Shinjuku Incident


Year of release: 2009

Genre: crime drama

Director: Derek Yee

Action director: Chin Kar-Lok

Producers: Willie Chan, Solon So

Writers: Derek Yee, Chun Tin-Nam, Liu Yung-Ping

Cinematography: Kita Nobuyasu

Editors: Tang Man-To, Kwong Chi-Leung, Cheung Ka-Fai

Music: Peter Kam

Stars: Jackie Chan, Daniel Wu, Takenaka Naoto, Xu Jing-Lei, Kato Masaya, Fan Bing-Bing, Kenya Sawada, Jack Kao, Paul Chun Pui, Lam Suet, Yasuaki Kurata, Chin Kar-Lok, Ken Lo

Rated III for violence, language, drug use, and brief sexuality/nudity

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Shinjuku  Shinjuku

Shinjuku  Shinjuku

In Shinjuku Incident, Jackie Chan plays Steelhead, a man who illegally emigrates to Japan to find his would-be wife, Xiu Xiu (Xu Jing-Lei). He looks up his friend Jin (Daniel Wu), and finds the Chinese immigrants in Japan are regulated to doing bad jobs for little money. Wanting to become a legal citizen, Steelhead starts doing petty crimes to earn the cash for a fake ID. After inadvertently saving Eguchi (Kato Masaya), one of the top Yakuza in the area from an assassination attempt, Steelhead begins moving up the criminal hierarchy. But this "success" attracts the attention of both the cops and the other Yakuza, and Steelhead becomes a marked man.

Over the years, Jackie Chan has dabbled in being a dramatic actor in films such as Crime Story, Heart of Dragon, and New Police Story. For all intents and purposes, Shinjuku Incident can be considered his first full dramatic role, and it's in a Category III gangster picture, no less. The movie generated a bit of controversy before it was release, since the violent content and moral ambiguity of the characters caused it to be banned in Mainland China, something which has been unheard of from a Jackie Chan production.

After the gimmick of seeing Jackie doing stuff like chopping off people's hands disappears, we're thankfully left with a pretty solid crime movie. The plot isn't anything really all that original -- the movie telegraphs all of the upcoming twists in the story fairly clearly. And as far as Category III movies go, the violence quotient is actually surprisingly low, excepting a couple of the aforementioned limb severings. Though we do get the "treat" of seeing Jackie's naked rear end as he goes into a bath-house, and then he later gets involved in a very brief sex scene (with thankfully no sightings of "little Jackie" to be had).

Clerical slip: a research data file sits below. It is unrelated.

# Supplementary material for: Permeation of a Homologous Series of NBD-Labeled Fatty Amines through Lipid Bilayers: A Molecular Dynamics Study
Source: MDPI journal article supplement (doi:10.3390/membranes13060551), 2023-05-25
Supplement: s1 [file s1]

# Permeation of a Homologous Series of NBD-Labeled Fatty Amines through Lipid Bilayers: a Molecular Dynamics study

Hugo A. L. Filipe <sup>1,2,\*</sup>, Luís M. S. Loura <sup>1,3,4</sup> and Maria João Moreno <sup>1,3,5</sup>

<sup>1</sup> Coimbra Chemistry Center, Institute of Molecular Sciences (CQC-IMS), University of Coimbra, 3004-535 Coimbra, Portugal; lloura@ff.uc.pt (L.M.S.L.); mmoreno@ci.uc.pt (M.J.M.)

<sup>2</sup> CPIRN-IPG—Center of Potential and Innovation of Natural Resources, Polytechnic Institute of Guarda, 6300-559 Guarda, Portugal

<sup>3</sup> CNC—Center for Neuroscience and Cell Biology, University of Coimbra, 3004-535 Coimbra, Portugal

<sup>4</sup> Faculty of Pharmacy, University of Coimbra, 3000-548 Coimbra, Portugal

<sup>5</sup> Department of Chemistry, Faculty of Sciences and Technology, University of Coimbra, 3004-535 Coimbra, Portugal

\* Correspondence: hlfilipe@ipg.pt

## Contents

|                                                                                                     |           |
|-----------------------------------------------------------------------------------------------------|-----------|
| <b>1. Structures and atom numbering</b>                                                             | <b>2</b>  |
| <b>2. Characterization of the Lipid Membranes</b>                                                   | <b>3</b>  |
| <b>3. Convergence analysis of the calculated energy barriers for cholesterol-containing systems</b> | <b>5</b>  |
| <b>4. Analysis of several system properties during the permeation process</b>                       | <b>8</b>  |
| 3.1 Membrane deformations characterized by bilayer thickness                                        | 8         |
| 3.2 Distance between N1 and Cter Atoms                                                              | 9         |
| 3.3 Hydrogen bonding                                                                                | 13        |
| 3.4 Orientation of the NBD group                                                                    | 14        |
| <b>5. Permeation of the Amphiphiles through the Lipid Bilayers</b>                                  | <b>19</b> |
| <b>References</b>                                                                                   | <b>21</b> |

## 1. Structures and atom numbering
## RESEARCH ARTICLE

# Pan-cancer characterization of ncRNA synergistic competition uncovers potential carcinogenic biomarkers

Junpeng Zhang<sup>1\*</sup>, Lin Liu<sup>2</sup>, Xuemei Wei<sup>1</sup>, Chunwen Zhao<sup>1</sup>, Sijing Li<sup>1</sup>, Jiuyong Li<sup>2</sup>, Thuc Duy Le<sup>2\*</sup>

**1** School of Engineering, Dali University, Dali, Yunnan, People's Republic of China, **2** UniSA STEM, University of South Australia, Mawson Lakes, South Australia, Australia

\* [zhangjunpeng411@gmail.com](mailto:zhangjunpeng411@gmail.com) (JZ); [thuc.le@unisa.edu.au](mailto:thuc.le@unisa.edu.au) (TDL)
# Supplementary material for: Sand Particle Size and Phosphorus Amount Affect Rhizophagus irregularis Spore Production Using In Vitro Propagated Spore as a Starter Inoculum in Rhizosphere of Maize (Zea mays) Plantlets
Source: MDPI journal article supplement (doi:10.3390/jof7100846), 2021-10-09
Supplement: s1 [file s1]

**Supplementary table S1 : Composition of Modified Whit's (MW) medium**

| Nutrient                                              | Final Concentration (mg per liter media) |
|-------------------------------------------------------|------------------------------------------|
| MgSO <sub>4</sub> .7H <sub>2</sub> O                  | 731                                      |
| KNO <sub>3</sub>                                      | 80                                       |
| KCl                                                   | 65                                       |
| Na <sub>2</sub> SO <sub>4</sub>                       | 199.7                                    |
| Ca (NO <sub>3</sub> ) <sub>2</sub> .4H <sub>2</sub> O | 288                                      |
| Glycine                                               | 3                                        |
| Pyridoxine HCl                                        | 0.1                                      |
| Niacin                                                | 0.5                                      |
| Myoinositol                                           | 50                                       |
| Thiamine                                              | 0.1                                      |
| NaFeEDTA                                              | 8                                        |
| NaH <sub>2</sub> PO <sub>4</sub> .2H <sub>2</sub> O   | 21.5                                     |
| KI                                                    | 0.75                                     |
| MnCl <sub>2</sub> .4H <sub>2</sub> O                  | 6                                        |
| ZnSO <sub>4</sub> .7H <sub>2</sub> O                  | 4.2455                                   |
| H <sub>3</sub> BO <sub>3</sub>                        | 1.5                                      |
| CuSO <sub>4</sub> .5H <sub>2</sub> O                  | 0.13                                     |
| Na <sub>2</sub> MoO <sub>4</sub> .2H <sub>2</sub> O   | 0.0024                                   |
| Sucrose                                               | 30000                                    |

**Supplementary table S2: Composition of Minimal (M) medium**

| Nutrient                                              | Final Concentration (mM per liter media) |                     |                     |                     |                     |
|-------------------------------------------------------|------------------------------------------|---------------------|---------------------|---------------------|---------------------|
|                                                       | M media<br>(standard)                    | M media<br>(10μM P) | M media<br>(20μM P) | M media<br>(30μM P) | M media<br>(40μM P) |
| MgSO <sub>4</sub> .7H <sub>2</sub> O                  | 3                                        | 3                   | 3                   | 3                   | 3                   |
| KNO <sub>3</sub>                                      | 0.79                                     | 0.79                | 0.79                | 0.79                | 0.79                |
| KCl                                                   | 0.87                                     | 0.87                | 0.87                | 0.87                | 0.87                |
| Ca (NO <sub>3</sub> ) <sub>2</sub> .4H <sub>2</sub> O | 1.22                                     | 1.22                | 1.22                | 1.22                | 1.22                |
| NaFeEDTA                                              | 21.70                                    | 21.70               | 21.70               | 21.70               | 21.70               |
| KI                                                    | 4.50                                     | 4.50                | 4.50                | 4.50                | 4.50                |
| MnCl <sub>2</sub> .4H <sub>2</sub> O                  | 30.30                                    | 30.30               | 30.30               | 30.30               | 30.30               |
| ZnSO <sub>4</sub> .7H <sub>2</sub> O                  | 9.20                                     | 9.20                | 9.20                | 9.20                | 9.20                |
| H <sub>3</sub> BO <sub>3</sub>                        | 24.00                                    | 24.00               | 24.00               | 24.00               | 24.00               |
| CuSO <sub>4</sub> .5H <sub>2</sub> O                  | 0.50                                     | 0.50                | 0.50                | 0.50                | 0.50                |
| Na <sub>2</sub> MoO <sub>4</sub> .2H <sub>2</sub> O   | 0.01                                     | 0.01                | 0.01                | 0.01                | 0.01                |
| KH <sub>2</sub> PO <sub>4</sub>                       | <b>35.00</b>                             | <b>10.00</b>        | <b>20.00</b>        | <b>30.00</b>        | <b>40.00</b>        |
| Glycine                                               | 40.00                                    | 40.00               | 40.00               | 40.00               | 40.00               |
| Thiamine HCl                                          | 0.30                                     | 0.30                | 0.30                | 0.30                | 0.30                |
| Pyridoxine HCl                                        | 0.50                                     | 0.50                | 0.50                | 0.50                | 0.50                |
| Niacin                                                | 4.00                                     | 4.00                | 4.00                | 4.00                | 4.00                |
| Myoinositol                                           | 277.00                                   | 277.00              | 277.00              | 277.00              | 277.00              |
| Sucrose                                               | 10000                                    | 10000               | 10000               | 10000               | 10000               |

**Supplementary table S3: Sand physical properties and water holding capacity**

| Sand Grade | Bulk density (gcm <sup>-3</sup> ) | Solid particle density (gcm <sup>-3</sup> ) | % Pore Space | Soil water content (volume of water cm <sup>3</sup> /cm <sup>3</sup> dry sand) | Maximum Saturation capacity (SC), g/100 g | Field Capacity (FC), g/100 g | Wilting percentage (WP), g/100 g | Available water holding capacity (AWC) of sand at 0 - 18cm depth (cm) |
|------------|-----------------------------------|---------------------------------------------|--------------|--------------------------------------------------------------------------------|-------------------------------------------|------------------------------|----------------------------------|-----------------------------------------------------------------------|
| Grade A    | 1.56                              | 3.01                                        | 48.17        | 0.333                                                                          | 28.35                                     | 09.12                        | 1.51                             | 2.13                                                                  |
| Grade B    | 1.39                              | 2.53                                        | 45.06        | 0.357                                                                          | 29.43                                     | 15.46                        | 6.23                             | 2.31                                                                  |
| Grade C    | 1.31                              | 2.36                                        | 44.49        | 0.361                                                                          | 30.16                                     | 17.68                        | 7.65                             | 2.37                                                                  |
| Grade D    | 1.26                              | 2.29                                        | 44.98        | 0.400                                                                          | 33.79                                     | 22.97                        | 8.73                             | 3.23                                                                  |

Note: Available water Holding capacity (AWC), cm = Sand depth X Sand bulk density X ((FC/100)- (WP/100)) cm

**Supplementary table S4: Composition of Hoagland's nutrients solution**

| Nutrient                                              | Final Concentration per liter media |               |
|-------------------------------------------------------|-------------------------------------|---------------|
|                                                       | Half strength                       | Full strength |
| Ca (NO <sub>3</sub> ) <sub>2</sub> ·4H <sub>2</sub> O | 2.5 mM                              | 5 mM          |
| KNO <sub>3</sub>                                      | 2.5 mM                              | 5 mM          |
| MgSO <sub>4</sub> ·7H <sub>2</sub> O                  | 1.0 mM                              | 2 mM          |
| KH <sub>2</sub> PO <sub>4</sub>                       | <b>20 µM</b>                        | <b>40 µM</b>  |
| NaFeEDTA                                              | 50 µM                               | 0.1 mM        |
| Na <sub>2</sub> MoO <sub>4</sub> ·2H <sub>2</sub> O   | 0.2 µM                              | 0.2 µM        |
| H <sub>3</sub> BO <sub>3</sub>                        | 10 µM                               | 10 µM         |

What really sells the movie are the performances, even if Jackie Chan is the weakest link in that department. He's not bad per se, and, in fact, in some scenes, he's quite good. But, overall, Chan's acting chops just aren't up to the level of the material. It might also be a case of someone who has made a career out of comedic kung fu, as well as trying to promote himself as a positive role model off-screen, trying to portray someone who is more than a bit cold-blooded and willing to commit all sorts of crimes. After watching Jackie in the same sort of roles for decades, it's somewhat hard to take the sudden shift in character without at least a little grain of salt.

The other actors do fare better, though. Daniel Wu's work isn't as strong as some of his other outings with director Derek Yee (such as One Nite in Mongkok) but he does manage to create a sympathetic character with Jin, even under some fairly silly Joker-esque makeup he adopts later in the picture. The majority of the rest of the cast is filled with strong veterans like Lam Suet and Paul Chun Pui, who give the appropriate bit of gravitas to the proceedings. Like many Hong Kong productions, the female roles have a bit of a throwaway feel, but Xu Jing-Lei and Fan Bing-Bing (who plays Jackie's girlfriend) do well with what they have to work with.

It's really no secret that Jackie Chan is in the twilight of his career, at least as a leading man. But at least Shinjuku Incident shows that he is willing to roll with the punches (so to speak) and adapt himself to working in a different direction. Unlike the increasingly-woeful Rush Hour movies, which are a cash cow for Chan, but offer little in the way of "true" film-making -- much less any real excitement for the audience -- pictures like this show that Jackie Chan still has a bit of spirit left, and isn't willing to take the easy way out to coast into retirement aboard the cinematic equivalent of a Little Rascal scooter.